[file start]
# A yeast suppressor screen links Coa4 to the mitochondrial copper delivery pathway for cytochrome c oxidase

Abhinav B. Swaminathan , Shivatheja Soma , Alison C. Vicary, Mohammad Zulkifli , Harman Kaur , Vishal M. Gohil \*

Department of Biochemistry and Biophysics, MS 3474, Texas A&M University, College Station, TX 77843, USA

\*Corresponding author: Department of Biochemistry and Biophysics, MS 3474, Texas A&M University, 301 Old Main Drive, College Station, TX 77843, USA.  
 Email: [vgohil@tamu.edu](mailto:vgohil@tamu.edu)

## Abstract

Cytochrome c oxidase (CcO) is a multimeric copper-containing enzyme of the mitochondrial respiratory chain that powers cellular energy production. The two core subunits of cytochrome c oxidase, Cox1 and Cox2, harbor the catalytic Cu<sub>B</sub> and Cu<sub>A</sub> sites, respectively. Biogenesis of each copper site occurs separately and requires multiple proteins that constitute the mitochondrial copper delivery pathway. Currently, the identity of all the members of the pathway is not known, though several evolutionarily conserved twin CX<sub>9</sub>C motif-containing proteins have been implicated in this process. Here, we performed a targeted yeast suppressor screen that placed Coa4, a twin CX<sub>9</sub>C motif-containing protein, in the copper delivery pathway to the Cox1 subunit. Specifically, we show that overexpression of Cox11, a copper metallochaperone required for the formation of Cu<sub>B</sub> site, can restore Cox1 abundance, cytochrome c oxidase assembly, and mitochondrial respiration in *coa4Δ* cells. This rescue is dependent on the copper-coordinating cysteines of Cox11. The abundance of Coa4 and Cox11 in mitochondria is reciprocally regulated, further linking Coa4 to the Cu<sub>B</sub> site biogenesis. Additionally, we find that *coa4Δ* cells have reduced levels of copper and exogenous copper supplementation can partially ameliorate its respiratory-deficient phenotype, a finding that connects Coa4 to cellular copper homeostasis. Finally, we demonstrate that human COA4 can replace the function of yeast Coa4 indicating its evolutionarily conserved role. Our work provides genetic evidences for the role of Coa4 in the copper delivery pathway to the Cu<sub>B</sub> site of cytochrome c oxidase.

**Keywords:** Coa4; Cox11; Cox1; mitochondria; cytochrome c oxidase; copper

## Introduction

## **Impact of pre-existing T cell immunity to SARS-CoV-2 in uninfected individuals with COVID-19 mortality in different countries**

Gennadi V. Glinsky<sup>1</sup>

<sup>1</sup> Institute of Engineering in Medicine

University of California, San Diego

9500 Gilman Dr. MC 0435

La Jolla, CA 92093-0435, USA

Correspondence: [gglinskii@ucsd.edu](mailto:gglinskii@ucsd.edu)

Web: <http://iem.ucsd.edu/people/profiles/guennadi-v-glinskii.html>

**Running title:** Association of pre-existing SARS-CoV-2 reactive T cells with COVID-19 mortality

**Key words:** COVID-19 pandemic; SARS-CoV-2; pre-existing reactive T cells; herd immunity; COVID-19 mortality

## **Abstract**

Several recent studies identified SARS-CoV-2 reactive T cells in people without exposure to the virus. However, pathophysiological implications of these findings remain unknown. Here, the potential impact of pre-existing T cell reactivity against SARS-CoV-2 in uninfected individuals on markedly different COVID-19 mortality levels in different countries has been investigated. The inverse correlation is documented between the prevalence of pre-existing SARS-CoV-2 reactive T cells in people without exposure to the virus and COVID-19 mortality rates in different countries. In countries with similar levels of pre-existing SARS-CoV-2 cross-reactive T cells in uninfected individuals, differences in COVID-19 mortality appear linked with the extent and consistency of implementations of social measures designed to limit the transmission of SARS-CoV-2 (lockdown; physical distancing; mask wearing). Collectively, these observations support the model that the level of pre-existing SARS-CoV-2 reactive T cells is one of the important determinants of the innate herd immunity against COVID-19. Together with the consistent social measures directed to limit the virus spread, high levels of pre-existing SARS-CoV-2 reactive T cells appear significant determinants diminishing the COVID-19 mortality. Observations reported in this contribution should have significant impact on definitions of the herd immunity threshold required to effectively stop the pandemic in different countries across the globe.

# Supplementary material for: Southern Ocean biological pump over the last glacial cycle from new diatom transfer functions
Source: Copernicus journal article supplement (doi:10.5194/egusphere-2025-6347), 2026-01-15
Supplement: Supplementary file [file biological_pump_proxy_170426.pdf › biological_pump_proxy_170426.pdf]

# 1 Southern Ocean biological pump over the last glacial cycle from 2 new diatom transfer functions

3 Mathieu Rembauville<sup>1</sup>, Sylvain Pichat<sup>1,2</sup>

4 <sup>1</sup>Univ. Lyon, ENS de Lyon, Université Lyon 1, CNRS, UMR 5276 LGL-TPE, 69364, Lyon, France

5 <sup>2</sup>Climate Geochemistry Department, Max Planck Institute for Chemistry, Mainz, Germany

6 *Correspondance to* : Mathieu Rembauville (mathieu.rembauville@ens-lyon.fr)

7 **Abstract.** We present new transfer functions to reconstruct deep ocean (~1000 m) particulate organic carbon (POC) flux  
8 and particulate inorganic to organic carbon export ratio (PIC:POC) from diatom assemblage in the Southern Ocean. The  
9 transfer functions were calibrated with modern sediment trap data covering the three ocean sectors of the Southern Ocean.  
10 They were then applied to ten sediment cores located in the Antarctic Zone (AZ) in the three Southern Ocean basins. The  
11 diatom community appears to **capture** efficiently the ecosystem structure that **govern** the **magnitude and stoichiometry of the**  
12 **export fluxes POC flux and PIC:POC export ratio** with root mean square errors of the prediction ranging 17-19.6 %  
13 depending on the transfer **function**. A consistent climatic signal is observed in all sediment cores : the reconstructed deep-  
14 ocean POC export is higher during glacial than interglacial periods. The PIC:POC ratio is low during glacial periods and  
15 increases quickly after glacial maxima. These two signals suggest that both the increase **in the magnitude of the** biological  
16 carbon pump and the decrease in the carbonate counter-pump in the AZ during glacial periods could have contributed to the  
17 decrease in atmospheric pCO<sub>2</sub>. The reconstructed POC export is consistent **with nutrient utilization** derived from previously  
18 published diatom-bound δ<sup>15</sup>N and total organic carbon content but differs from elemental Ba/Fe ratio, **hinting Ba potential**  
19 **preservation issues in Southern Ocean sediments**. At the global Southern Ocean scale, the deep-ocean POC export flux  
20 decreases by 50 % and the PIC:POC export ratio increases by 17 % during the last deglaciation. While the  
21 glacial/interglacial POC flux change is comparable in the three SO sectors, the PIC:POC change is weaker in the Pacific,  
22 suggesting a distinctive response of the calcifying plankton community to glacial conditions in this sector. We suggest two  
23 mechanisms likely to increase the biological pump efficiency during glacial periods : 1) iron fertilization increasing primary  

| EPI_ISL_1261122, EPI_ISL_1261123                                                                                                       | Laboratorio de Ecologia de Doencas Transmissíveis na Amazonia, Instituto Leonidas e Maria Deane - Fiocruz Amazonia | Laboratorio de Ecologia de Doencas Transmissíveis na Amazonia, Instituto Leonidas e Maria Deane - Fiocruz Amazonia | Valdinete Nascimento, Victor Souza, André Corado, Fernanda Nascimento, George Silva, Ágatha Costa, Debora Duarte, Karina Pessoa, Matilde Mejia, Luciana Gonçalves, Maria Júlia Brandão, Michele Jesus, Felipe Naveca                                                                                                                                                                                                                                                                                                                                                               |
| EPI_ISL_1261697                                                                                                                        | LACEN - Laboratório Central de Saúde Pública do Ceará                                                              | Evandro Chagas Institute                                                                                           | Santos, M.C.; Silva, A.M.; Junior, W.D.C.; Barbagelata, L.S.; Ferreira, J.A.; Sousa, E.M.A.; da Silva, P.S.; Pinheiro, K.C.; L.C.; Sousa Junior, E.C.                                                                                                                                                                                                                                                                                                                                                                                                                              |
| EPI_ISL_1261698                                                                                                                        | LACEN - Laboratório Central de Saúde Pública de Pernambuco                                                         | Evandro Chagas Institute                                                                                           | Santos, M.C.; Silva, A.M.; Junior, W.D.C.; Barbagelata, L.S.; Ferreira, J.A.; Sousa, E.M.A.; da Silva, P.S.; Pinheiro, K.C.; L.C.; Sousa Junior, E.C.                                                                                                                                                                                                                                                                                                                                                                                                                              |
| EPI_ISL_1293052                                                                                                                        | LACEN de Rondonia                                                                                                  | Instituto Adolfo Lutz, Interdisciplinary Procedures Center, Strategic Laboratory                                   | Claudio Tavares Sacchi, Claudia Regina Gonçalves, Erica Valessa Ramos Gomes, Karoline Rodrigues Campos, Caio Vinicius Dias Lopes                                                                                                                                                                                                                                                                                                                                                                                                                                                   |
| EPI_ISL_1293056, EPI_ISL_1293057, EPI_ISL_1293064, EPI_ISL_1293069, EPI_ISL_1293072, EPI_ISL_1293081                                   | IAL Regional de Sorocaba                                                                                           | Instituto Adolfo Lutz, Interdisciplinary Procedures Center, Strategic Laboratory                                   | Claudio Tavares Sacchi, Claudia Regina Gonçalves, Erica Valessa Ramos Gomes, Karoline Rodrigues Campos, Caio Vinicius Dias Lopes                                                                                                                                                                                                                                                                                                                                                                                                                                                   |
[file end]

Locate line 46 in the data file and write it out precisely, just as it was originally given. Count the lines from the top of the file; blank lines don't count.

23 mechanisms likely to increase the biological pump efficiency during glacial periods : 1) iron fertilization increasing primary  